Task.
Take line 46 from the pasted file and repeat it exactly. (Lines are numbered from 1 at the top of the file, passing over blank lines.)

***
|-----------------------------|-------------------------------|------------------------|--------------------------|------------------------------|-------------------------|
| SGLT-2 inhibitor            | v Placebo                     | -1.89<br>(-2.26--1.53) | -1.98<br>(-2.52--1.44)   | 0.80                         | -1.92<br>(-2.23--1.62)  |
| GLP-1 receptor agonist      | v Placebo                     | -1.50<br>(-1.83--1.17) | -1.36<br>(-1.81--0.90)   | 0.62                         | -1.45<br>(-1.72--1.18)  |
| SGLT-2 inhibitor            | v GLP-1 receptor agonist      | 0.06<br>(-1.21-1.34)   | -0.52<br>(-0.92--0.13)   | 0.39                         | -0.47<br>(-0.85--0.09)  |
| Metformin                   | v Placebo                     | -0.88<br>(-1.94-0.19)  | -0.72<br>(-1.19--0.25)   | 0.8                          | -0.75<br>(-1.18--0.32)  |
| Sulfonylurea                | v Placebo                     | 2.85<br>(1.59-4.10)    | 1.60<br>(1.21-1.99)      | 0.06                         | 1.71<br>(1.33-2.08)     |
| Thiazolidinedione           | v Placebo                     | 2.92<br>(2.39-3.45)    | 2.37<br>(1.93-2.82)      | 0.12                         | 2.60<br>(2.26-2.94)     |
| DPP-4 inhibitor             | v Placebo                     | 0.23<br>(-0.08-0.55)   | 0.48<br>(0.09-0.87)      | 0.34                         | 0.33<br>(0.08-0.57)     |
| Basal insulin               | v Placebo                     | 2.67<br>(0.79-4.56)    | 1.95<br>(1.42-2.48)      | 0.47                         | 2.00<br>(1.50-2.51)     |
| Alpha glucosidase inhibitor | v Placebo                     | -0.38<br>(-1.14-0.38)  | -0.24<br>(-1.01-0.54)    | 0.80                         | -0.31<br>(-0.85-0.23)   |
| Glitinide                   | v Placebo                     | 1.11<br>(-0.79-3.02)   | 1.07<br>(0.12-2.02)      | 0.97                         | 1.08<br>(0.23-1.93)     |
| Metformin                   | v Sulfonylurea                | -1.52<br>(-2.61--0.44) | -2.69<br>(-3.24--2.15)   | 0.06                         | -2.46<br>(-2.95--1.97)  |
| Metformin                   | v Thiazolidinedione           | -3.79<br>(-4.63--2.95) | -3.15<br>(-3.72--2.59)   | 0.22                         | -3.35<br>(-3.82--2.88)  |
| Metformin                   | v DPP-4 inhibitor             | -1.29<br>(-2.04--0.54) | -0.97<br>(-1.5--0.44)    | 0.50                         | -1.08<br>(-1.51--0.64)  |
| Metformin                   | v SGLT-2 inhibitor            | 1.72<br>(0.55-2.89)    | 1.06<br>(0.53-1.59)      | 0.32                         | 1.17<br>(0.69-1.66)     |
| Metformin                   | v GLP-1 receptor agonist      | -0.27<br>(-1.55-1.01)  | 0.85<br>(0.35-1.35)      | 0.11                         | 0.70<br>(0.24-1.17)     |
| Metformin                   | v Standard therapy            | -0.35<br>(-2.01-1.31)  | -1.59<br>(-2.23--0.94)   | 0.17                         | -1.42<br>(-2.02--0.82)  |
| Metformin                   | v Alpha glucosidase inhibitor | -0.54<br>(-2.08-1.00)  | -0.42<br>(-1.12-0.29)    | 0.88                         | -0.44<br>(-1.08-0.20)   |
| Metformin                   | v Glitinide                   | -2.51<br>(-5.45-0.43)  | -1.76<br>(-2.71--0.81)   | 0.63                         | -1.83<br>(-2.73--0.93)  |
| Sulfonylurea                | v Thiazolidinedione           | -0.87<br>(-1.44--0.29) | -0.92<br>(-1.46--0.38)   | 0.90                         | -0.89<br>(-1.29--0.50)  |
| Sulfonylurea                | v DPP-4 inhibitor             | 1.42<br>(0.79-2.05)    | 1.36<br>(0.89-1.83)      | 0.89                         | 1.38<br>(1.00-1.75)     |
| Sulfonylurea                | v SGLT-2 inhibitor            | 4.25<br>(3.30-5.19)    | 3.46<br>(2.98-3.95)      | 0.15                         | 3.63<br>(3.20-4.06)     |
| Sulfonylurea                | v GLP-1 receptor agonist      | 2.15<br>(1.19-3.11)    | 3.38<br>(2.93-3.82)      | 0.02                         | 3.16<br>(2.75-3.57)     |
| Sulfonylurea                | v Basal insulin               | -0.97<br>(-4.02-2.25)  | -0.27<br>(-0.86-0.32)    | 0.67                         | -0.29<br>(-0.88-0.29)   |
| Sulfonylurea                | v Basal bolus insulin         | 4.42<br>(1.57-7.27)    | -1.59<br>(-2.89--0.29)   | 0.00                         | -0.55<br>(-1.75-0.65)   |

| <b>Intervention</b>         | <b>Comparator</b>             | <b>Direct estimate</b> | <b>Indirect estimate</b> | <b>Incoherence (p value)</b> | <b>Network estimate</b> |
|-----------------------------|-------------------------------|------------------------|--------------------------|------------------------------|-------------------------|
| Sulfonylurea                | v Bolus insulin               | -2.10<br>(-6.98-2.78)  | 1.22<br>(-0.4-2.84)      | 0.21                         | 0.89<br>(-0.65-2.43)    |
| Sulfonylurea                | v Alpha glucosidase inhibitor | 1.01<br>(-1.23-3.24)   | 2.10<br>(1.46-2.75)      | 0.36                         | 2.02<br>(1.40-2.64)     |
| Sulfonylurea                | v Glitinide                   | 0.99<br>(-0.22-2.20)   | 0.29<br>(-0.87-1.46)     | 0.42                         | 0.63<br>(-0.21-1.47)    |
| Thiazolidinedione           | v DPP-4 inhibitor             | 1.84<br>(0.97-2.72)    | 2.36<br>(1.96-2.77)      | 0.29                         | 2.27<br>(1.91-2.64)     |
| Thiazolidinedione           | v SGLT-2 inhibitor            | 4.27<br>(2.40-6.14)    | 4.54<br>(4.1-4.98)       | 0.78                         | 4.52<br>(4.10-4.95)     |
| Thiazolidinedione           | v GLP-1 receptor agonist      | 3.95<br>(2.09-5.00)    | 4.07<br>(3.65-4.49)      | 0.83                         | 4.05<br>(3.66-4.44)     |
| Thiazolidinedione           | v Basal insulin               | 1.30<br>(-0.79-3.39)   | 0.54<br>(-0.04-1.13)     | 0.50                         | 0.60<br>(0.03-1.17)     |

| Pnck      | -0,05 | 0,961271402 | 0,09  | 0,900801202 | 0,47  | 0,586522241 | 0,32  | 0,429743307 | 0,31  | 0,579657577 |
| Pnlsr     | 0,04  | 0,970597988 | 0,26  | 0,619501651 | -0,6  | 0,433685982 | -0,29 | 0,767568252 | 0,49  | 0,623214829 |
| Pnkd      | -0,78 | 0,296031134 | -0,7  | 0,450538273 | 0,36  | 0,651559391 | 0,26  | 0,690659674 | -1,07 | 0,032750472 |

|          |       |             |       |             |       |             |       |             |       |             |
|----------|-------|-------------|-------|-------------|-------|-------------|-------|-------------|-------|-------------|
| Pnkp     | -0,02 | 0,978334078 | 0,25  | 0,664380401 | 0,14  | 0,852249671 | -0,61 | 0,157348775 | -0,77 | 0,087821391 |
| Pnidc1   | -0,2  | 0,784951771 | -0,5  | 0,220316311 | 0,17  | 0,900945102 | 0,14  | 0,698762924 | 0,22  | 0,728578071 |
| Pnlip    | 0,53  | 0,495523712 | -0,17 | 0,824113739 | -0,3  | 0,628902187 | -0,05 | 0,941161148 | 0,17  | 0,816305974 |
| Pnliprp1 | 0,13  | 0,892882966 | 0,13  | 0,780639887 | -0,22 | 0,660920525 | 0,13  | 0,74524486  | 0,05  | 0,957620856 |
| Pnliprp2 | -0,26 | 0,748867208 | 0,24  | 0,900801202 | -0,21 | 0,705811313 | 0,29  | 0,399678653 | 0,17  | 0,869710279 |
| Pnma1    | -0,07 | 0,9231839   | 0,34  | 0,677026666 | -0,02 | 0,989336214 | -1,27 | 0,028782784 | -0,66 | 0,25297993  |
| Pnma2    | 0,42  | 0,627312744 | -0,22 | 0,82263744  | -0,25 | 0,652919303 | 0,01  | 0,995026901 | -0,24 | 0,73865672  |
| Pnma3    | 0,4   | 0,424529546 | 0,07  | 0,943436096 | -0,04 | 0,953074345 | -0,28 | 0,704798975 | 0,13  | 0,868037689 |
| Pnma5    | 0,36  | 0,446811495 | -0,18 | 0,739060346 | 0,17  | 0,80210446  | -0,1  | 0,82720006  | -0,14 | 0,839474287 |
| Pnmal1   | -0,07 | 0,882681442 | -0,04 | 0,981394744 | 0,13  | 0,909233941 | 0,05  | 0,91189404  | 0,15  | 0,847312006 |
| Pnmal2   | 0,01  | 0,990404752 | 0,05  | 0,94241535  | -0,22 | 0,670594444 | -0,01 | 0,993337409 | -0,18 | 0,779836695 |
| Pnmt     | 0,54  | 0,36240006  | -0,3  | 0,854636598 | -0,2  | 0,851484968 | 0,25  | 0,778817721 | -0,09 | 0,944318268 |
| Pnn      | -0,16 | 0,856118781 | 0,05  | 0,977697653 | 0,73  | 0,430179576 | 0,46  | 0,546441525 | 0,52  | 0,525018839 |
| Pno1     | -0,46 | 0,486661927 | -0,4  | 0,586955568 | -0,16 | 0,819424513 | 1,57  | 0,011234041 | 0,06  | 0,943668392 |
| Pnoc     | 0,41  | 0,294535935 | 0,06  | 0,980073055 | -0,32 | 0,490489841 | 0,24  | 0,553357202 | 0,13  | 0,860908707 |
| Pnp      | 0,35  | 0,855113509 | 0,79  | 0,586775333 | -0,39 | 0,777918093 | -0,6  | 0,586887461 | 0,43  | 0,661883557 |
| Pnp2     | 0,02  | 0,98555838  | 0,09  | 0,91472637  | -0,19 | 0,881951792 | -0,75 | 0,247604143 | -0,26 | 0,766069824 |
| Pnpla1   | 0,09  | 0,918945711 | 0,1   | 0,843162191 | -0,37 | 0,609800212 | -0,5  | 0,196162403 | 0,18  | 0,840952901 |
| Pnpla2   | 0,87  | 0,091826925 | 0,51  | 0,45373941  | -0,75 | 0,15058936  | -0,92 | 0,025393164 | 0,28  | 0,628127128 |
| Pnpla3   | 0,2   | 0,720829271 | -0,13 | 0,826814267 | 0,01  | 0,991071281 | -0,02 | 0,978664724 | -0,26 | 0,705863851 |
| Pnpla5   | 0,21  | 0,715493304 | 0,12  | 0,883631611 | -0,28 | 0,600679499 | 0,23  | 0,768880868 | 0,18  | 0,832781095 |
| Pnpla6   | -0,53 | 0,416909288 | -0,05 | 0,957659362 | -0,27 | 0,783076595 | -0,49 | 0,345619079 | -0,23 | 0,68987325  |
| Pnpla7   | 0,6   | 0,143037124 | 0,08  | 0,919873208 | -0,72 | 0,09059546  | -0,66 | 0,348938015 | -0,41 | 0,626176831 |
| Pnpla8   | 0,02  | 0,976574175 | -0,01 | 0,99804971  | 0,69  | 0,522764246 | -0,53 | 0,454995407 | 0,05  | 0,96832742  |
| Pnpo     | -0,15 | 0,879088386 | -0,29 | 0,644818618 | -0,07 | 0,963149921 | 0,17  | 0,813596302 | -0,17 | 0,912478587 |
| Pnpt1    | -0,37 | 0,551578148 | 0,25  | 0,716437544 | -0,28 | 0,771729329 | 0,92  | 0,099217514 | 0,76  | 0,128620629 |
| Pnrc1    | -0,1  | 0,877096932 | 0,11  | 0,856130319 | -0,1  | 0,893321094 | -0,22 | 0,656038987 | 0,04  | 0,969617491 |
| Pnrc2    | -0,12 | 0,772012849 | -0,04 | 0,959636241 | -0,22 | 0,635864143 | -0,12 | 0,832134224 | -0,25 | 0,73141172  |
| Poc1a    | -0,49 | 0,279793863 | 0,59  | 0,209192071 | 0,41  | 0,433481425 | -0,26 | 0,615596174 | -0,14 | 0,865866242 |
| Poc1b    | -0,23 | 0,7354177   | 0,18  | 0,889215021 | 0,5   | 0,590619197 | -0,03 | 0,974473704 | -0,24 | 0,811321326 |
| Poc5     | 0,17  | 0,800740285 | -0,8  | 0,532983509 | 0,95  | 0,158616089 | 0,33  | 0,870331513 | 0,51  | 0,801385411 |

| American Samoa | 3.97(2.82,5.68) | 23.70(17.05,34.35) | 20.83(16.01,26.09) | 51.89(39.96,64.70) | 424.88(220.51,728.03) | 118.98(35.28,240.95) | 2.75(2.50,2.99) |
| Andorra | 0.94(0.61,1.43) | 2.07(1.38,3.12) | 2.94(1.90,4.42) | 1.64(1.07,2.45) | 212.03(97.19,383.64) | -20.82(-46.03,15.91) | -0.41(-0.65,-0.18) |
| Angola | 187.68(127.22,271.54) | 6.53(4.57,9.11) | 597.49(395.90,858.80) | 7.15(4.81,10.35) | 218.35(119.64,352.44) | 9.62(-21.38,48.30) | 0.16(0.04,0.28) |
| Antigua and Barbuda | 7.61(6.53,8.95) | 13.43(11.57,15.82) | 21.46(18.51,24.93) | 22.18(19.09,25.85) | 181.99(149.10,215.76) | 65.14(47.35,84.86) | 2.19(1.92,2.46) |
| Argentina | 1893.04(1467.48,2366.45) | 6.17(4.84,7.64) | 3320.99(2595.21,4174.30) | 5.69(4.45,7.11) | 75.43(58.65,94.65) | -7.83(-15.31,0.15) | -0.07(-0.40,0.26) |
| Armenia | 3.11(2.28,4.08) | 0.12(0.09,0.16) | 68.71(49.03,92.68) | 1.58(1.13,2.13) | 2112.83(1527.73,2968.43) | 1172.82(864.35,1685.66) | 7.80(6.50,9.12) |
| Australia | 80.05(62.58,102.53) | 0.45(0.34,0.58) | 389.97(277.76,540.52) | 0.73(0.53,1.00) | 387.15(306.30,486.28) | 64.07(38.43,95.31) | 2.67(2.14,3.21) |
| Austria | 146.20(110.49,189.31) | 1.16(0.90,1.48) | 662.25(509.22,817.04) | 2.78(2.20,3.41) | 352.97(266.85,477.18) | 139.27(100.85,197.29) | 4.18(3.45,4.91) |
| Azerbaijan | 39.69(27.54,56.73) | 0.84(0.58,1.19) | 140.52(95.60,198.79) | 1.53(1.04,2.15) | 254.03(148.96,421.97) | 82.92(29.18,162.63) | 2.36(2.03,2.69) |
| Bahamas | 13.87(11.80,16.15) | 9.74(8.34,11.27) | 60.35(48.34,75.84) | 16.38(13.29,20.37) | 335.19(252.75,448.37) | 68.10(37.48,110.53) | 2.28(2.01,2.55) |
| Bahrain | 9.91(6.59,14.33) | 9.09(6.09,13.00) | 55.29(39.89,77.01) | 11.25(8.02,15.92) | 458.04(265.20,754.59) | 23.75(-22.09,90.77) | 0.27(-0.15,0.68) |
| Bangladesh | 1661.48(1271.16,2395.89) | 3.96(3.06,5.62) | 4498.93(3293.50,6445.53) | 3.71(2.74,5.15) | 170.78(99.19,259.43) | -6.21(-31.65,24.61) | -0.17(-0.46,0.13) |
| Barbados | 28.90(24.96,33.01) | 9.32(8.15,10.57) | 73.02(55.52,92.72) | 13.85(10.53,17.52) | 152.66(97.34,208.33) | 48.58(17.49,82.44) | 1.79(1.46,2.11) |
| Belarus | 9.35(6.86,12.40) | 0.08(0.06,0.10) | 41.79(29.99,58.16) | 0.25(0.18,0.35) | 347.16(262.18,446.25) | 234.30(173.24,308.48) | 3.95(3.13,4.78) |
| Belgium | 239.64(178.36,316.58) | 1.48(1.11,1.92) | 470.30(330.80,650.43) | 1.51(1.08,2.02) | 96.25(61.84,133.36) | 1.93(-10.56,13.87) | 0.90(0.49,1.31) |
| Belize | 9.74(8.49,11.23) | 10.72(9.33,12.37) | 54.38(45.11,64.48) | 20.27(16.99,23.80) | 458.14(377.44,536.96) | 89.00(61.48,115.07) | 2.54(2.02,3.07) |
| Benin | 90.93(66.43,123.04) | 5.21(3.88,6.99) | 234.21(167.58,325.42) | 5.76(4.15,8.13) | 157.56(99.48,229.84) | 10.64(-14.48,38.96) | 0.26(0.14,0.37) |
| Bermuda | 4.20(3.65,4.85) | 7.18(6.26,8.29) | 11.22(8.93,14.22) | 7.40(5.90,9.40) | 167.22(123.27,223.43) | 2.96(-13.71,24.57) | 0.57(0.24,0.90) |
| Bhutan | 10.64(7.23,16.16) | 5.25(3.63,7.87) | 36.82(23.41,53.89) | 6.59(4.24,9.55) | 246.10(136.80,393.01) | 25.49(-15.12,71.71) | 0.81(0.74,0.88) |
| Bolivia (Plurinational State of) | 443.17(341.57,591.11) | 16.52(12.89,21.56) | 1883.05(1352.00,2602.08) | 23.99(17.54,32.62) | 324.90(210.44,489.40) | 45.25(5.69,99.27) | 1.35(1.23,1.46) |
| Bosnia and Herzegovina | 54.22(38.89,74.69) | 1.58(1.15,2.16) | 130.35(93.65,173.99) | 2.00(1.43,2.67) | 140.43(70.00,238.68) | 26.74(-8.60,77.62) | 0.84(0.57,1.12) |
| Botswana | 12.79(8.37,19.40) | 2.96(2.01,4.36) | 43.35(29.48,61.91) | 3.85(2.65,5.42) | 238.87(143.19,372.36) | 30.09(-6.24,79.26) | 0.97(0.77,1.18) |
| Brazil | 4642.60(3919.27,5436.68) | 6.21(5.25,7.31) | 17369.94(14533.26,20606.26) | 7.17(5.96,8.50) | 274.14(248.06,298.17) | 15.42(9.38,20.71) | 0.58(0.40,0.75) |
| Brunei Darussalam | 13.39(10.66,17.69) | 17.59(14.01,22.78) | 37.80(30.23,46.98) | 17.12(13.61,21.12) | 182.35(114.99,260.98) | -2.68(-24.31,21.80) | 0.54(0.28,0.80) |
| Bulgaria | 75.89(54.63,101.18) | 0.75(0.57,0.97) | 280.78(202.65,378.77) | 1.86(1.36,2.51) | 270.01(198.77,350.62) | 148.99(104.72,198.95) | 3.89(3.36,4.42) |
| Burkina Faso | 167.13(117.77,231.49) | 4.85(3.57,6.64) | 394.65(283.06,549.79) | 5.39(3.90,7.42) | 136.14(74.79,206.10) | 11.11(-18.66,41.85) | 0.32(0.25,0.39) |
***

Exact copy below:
| Pnma2    | 0,42  | 0,627312744 | -0,22 | 0,82263744  | -0,25 | 0,652919303 | 0,01  | 0,995026901 | -0,24 | 0,73865672  |